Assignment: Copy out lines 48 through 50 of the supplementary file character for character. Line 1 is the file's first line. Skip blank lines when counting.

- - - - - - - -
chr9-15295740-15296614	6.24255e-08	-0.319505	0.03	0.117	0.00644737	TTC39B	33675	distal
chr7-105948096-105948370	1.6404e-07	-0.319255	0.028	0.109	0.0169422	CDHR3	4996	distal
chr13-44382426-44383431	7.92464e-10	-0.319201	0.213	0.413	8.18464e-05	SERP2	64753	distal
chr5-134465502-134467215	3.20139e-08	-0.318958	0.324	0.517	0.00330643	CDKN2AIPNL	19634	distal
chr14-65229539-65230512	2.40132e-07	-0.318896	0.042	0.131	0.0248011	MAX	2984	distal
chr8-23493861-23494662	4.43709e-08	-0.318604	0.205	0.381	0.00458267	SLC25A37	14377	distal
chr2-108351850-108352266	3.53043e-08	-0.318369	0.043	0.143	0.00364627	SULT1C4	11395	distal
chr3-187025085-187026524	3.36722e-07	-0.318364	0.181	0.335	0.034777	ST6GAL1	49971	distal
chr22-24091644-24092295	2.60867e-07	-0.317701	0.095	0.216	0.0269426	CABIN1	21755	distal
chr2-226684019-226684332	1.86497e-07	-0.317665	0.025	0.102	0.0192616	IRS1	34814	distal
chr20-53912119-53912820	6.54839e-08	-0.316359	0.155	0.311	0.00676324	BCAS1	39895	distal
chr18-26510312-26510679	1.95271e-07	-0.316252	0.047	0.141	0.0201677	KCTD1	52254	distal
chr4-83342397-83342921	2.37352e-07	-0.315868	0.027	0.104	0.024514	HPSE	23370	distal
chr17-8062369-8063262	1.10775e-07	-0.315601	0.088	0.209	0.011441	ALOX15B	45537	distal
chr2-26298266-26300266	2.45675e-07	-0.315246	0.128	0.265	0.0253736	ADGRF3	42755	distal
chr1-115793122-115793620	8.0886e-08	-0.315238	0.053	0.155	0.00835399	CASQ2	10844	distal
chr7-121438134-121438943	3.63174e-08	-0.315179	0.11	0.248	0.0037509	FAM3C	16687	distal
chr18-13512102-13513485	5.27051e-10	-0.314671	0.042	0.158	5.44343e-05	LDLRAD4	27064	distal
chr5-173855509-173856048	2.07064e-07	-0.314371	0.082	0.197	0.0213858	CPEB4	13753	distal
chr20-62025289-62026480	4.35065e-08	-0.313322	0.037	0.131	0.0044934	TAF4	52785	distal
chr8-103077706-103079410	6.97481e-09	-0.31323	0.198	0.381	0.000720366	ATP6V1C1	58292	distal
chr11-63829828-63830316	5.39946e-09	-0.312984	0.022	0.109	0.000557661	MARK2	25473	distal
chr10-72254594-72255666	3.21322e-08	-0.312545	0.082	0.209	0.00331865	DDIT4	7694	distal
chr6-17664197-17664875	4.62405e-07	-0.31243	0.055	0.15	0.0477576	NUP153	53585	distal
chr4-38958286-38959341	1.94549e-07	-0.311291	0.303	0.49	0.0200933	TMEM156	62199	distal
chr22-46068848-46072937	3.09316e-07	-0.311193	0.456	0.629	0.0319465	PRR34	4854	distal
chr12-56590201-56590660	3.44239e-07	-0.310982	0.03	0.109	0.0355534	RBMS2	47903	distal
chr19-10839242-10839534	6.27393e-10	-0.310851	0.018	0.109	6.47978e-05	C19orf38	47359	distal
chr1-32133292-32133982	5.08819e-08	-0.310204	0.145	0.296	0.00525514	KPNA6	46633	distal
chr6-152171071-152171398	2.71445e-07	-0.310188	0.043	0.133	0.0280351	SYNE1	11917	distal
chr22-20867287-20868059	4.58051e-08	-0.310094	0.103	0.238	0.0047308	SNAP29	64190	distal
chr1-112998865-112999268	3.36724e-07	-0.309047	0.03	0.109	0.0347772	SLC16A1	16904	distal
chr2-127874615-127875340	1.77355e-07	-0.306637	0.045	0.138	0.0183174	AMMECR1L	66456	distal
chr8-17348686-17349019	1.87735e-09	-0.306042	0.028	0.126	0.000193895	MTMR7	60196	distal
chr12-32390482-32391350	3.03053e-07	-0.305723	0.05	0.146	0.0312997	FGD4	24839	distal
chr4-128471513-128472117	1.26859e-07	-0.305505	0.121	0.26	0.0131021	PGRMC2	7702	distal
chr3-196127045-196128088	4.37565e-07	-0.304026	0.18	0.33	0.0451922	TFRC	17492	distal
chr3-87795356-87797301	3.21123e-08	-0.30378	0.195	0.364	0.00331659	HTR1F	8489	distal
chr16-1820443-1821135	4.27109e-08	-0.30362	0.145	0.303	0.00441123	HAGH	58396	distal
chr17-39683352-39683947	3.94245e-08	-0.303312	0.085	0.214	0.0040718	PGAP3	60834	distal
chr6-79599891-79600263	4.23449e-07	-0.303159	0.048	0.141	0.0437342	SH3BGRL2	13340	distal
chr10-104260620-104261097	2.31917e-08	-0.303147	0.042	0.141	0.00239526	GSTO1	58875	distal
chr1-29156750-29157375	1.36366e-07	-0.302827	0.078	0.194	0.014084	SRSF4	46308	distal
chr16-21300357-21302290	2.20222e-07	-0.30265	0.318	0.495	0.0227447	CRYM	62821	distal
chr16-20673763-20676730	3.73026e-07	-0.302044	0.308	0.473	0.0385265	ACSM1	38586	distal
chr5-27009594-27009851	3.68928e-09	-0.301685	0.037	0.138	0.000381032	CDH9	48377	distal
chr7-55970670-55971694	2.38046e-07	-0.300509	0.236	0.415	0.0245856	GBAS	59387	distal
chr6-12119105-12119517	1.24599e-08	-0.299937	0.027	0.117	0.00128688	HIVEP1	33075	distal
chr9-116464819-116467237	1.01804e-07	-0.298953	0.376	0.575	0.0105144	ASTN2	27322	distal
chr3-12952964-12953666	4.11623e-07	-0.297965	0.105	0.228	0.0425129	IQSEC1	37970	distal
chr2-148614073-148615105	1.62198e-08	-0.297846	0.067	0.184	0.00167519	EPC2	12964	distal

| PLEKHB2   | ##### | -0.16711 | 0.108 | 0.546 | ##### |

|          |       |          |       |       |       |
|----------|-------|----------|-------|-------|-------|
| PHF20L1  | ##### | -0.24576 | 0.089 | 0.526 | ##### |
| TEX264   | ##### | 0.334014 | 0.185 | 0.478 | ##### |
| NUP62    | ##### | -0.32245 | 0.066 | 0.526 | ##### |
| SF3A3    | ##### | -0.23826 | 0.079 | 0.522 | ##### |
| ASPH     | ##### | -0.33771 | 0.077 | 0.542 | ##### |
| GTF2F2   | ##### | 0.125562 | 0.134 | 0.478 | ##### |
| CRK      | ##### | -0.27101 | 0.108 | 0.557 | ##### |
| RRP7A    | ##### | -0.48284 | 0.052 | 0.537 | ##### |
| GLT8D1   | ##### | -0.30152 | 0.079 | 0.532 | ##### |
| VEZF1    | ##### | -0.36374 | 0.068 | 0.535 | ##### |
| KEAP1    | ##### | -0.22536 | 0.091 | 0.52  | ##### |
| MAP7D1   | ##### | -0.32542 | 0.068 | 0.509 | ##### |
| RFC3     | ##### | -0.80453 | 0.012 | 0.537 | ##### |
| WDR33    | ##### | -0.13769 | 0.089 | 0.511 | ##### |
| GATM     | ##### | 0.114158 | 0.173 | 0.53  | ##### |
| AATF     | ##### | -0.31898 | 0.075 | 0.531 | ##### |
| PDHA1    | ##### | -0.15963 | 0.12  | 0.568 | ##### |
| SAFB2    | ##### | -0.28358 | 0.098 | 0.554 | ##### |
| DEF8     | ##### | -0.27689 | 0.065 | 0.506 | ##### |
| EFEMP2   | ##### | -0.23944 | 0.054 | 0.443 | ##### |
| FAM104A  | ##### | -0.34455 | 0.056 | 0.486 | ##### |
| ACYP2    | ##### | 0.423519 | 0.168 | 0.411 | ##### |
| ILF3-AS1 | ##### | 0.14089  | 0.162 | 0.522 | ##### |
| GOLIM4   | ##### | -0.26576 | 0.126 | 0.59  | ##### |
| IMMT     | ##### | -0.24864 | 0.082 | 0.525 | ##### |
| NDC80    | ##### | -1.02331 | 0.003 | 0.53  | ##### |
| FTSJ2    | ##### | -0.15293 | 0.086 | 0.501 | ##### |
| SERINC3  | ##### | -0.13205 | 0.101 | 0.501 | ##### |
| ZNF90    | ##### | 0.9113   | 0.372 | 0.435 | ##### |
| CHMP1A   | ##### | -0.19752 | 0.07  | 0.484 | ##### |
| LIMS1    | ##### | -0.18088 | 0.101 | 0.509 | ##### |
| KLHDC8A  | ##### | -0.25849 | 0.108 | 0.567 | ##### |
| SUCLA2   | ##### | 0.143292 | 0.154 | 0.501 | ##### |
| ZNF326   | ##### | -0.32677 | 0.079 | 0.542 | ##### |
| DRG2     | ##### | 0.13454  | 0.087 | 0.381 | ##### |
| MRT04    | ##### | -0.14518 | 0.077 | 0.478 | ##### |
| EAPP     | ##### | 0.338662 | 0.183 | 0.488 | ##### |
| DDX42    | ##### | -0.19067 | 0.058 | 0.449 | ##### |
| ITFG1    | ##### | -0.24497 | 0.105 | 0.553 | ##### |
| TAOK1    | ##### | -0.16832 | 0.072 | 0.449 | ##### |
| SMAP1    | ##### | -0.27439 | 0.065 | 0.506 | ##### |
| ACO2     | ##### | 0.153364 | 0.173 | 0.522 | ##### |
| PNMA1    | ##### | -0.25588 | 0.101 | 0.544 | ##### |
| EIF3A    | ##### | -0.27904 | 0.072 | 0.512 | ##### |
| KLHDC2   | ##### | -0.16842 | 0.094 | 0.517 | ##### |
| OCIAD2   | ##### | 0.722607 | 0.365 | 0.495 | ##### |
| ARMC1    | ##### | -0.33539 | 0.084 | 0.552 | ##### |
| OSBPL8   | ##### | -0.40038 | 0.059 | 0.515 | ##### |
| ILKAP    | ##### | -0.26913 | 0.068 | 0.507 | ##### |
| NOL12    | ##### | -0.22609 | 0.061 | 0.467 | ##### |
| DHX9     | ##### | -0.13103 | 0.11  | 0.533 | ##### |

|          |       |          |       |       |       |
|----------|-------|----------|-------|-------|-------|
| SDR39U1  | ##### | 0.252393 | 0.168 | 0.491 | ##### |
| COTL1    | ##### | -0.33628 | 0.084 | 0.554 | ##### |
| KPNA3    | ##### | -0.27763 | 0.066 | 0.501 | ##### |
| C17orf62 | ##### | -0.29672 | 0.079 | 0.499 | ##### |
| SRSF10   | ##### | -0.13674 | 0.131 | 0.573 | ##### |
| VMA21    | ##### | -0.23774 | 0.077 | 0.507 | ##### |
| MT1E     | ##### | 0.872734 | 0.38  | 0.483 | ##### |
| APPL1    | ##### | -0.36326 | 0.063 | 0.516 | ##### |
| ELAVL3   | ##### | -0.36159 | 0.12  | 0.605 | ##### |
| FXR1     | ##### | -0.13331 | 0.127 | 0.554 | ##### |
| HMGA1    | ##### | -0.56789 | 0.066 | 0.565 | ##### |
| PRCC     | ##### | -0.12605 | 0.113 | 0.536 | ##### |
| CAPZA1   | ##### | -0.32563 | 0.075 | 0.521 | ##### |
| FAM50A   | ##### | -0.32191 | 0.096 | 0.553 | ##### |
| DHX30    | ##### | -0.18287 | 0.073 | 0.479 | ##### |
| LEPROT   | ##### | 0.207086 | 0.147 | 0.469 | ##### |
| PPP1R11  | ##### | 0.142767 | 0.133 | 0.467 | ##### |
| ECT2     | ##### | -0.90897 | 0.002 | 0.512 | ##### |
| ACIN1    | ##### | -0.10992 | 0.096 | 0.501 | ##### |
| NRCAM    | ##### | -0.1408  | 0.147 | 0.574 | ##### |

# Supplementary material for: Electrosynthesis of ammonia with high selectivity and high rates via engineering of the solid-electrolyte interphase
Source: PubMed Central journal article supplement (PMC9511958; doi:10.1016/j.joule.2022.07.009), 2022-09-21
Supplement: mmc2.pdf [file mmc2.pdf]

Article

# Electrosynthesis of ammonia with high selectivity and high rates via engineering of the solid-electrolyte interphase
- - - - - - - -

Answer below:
chr6-12119105-12119517	1.24599e-08	-0.299937	0.027	0.117	0.00128688	HIVEP1	33075	distal
chr9-116464819-116467237	1.01804e-07	-0.298953	0.376	0.575	0.0105144	ASTN2	27322	distal
chr3-12952964-12953666	4.11623e-07	-0.297965	0.105	0.228	0.0425129	IQSEC1	37970	distal